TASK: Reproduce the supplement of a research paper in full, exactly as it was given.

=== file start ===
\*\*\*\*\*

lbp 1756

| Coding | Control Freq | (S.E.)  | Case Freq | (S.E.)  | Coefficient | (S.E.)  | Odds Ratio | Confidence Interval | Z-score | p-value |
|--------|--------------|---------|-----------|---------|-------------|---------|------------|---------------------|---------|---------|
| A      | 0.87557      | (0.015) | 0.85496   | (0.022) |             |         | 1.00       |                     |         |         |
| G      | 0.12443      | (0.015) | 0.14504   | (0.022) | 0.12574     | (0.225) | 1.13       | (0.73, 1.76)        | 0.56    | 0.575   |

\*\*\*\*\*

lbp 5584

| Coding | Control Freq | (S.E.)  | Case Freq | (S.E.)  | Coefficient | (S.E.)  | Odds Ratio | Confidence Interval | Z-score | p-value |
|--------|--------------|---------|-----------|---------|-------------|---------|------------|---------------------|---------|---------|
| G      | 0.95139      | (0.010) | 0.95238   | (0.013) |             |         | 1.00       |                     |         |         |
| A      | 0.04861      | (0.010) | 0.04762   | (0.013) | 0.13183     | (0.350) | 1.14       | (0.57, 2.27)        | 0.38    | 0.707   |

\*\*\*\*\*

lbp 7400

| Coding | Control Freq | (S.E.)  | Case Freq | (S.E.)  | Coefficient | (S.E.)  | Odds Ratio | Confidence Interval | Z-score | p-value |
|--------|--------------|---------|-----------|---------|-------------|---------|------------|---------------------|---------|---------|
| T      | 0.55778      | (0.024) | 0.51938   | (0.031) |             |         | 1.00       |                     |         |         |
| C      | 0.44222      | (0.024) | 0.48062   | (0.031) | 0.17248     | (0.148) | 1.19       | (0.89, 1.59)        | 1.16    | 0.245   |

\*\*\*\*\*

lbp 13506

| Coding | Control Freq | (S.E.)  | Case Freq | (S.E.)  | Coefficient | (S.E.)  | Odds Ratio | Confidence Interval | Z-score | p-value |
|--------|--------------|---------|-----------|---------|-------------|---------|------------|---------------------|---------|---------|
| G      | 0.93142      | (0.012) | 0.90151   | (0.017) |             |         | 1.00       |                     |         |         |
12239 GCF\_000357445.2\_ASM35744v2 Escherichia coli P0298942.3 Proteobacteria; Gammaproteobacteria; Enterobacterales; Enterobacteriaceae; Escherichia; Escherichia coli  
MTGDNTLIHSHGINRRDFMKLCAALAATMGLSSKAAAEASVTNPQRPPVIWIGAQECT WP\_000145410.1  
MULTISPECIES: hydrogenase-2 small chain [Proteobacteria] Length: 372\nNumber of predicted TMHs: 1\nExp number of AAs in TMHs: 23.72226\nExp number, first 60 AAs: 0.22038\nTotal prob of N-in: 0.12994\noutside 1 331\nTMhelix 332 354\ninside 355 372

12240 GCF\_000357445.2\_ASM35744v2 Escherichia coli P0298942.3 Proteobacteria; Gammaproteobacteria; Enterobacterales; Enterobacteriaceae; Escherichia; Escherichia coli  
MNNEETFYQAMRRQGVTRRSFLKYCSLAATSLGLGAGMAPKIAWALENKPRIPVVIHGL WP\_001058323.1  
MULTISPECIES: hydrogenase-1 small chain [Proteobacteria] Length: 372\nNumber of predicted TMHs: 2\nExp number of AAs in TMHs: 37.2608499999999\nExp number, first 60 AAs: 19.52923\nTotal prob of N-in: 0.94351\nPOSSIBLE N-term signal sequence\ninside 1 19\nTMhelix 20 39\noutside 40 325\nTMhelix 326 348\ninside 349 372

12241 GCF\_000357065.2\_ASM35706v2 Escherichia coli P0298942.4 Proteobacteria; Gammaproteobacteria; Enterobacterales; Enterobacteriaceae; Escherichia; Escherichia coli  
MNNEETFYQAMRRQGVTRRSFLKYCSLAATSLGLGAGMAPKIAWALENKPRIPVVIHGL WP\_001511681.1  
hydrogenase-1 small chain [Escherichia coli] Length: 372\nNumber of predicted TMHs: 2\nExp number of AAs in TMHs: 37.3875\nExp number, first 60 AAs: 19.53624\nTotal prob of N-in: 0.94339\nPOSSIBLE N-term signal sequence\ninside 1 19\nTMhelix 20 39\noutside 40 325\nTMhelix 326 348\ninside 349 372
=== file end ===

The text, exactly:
\*\*\*\*\*

lbp 1756

| Coding | Control Freq | (S.E.)  | Case Freq | (S.E.)  | Coefficient | (S.E.)  | Odds Ratio | Confidence Interval | Z-score | p-value |
|--------|--------------|---------|-----------|---------|-------------|---------|------------|---------------------|---------|---------|
| A      | 0.87557      | (0.015) | 0.85496   | (0.022) |             |         | 1.00       |                     |         |         |
| G      | 0.12443      | (0.015) | 0.14504   | (0.022) | 0.12574     | (0.225) | 1.13       | (0.73, 1.76)        | 0.56    | 0.575   |

\*\*\*\*\*

lbp 5584

| Coding | Control Freq | (S.E.)  | Case Freq | (S.E.)  | Coefficient | (S.E.)  | Odds Ratio | Confidence Interval | Z-score | p-value |
|--------|--------------|---------|-----------|---------|-------------|---------|------------|---------------------|---------|---------|
| G      | 0.95139      | (0.010) | 0.95238   | (0.013) |             |         | 1.00       |                     |         |         |
| A      | 0.04861      | (0.010) | 0.04762   | (0.013) | 0.13183     | (0.350) | 1.14       | (0.57, 2.27)        | 0.38    | 0.707   |

\*\*\*\*\*

lbp 7400

| Coding | Control Freq | (S.E.)  | Case Freq | (S.E.)  | Coefficient | (S.E.)  | Odds Ratio | Confidence Interval | Z-score | p-value |
|--------|--------------|---------|-----------|---------|-------------|---------|------------|---------------------|---------|---------|
| T      | 0.55778      | (0.024) | 0.51938   | (0.031) |             |         | 1.00       |                     |         |         |
| C      | 0.44222      | (0.024) | 0.48062   | (0.031) | 0.17248     | (0.148) | 1.19       | (0.89, 1.59)        | 1.16    | 0.245   |

\*\*\*\*\*

lbp 13506

| Coding | Control Freq | (S.E.)  | Case Freq | (S.E.)  | Coefficient | (S.E.)  | Odds Ratio | Confidence Interval | Z-score | p-value |
|--------|--------------|---------|-----------|---------|-------------|---------|------------|---------------------|---------|---------|
| G      | 0.93142      | (0.012) | 0.90151   | (0.017) |             |         | 1.00       |                     |         |         |
12239 GCF\_000357445.2\_ASM35744v2 Escherichia coli P0298942.3 Proteobacteria; Gammaproteobacteria; Enterobacterales; Enterobacteriaceae; Escherichia; Escherichia coli  
MTGDNTLIHSHGINRRDFMKLCAALAATMGLSSKAAAEASVTNPQRPPVIWIGAQECT WP\_000145410.1  
MULTISPECIES: hydrogenase-2 small chain [Proteobacteria] Length: 372\nNumber of predicted TMHs: 1\nExp number of AAs in TMHs: 23.72226\nExp number, first 60 AAs: 0.22038\nTotal prob of N-in: 0.12994\noutside 1 331\nTMhelix 332 354\ninside 355 372

12240 GCF\_000357445.2\_ASM35744v2 Escherichia coli P0298942.3 Proteobacteria; Gammaproteobacteria; Enterobacterales; Enterobacteriaceae; Escherichia; Escherichia coli  
MNNEETFYQAMRRQGVTRRSFLKYCSLAATSLGLGAGMAPKIAWALENKPRIPVVIHGL WP\_001058323.1  
MULTISPECIES: hydrogenase-1 small chain [Proteobacteria] Length: 372\nNumber of predicted TMHs: 2\nExp number of AAs in TMHs: 37.2608499999999\nExp number, first 60 AAs: 19.52923\nTotal prob of N-in: 0.94351\nPOSSIBLE N-term signal sequence\ninside 1 19\nTMhelix 20 39\noutside 40 325\nTMhelix 326 348\ninside 349 372

12241 GCF\_000357065.2\_ASM35706v2 Escherichia coli P0298942.4 Proteobacteria; Gammaproteobacteria; Enterobacterales; Enterobacteriaceae; Escherichia; Escherichia coli  
MNNEETFYQAMRRQGVTRRSFLKYCSLAATSLGLGAGMAPKIAWALENKPRIPVVIHGL WP\_001511681.1  
hydrogenase-1 small chain [Escherichia coli] Length: 372\nNumber of predicted TMHs: 2\nExp number of AAs in TMHs: 37.3875\nExp number, first 60 AAs: 19.53624\nTotal prob of N-in: 0.94339\nPOSSIBLE N-term signal sequence\ninside 1 19\nTMhelix 20 39\noutside 40 325\nTMhelix 326 348\ninside 349 372